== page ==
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Scribe Winery has been turning heads in the wine world since opening in 2009. Owners, and brothers, Adam and Andrew Mariani are 4th generation farmers producing vibrant wines that express an unmistakable sense of place unique to Northern California, particularly Sonoma. The Mariani brothers grew up in Winters, California farming walnuts and almonds, and enjoyed it enough that they longed for a life in agriculture. After working at wineries in Europe, they came back to the U.S. to make wine from their own winery in Carneros.
In 2007, the Mariani brothers acquired a former turkey farm with 256 acres three miles east of the Sonoma Town Square in Carneros. Neighbor to Gundlach Bundschu, their property’s history dates back to 1857 when Emil Dresel and his brother Julius established the wine estate. (The Dresels may have planted the first Riesling and Silvaner in the U.S.) For the first few years, Adam and Andrew worked hard to restore and revitalize the estate. Mountains of debris, derelict sheds, invasive plants and acres of poison oak had to be torn out and discarded. New vines of Pinot Noir and Chardonnay were planted. In addition, they planted Riesling and Silvaner, to respect the estate’s history. Today, a total of 35 acres are planted to vines. In addition to growing vines, Scribe has an acre of organic fruits and vegetables as well as an apiary to help pollinate everything. In addition to their estate vineyards, the Mariani brothers lease a vineyard in Napa Valley on Atlas Peak, which they call Scribe Outpost East.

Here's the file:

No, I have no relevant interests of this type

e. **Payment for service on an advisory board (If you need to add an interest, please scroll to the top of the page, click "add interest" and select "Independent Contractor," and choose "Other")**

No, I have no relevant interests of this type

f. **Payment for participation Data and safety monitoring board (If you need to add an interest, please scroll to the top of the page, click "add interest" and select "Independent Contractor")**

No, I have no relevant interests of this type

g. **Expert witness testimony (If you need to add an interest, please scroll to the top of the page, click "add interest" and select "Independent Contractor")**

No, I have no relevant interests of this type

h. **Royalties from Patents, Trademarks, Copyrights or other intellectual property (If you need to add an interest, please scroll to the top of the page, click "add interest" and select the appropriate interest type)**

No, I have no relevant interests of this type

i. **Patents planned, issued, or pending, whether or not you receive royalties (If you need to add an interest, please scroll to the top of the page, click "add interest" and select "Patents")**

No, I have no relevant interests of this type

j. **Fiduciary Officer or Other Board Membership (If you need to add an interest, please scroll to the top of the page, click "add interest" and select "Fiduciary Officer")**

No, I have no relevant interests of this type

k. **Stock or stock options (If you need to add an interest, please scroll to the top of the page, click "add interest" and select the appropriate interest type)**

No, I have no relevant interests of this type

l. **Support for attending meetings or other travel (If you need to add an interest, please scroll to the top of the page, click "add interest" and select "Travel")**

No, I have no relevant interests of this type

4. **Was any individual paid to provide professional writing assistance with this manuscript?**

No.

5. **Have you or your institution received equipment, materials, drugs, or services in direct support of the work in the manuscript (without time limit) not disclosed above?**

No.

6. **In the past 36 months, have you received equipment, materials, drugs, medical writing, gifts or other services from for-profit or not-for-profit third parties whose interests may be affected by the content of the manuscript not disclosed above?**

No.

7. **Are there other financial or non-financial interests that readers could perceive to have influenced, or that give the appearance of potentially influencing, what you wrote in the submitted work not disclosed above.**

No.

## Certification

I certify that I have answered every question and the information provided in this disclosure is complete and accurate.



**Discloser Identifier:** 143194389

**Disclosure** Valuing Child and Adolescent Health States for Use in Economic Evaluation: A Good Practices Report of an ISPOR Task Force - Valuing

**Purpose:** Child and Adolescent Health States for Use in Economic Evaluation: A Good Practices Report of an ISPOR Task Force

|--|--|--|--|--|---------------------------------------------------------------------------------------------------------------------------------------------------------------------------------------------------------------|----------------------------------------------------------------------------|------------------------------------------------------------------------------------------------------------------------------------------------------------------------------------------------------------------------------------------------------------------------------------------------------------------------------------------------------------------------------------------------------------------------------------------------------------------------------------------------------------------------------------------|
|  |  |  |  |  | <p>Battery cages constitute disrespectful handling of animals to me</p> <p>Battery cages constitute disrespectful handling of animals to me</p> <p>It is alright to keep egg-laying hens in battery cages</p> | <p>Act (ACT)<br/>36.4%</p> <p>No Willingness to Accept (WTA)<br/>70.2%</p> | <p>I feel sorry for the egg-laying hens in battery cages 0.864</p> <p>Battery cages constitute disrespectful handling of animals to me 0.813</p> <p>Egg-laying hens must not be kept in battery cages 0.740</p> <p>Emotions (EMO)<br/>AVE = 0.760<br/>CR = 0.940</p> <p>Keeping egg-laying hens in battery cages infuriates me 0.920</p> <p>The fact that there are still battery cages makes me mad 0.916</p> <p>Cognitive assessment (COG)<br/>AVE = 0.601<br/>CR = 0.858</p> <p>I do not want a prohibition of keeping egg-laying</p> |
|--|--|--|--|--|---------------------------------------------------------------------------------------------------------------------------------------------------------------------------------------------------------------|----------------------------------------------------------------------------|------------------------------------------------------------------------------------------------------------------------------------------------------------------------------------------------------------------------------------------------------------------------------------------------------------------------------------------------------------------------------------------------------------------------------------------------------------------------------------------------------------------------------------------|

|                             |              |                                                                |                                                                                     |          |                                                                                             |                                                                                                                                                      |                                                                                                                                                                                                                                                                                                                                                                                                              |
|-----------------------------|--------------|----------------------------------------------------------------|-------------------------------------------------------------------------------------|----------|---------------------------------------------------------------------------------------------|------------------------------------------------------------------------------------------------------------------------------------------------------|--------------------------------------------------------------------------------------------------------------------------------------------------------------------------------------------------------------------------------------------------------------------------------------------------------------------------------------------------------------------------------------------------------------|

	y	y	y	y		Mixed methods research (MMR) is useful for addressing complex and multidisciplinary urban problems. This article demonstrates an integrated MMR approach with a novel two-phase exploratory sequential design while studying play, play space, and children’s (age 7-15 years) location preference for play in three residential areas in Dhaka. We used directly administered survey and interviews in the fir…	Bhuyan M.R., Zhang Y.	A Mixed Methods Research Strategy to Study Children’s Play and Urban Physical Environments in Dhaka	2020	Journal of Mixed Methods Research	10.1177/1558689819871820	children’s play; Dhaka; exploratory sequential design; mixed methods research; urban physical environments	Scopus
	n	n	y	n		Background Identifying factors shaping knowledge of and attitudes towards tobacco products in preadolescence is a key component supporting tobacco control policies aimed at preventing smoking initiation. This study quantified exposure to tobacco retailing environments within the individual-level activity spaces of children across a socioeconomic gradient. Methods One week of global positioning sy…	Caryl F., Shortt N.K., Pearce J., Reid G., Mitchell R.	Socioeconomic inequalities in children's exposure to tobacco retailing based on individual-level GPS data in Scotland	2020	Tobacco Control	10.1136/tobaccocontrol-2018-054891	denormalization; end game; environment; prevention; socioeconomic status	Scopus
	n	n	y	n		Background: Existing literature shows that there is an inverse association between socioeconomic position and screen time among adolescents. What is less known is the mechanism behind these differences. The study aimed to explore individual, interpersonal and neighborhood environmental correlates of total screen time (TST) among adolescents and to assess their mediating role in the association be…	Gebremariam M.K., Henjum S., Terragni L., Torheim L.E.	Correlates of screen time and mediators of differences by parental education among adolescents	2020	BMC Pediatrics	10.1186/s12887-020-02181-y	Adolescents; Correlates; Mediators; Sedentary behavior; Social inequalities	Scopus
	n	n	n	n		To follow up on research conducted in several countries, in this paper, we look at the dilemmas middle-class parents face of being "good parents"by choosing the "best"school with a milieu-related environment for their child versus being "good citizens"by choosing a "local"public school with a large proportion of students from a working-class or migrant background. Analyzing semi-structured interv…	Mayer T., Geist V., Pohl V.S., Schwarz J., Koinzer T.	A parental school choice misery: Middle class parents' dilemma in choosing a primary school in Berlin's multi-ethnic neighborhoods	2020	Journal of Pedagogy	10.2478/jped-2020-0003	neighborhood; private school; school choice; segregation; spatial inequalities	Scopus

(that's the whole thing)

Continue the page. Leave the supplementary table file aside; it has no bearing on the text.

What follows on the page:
The volcanic, ashy and mineral-rich soils of the cool-climate Sonoma region are ideal for Pinot Noir and Chardonnay. The southwest border of Scribe's property marks the dividing line between the Carneros and Sonoma Valley viticultural appellations, while its northeast border sits on the Sonoma and Napa line. These man-made divisions were inspired by a natural transition between ecological communities. Scribe is an ecotone, a distinct microclimate created by the convergence of San Pablo Bay marine influence, Petaluma Gap winds and the steep herbaceous terrain of Arrowhead Mountain.
The Marianis believe that the best wines are the result of a healthy relationship between man and nature, and that a vineyard managed in harmony with the greater ecosystem results in more site specific, terroir driven grapes. They practice what they call "Forever Wild Farming," which aims to integrate their farming and the existent wild ecosystem. Biodiversity on the land improves the ecosystem health; the habitat becomes a corridor for beneficial insects and birds whose prey are common vineyard pests, thus alleviating the need for pesticides and fertilizers. Wild yeast is used for all fermentation.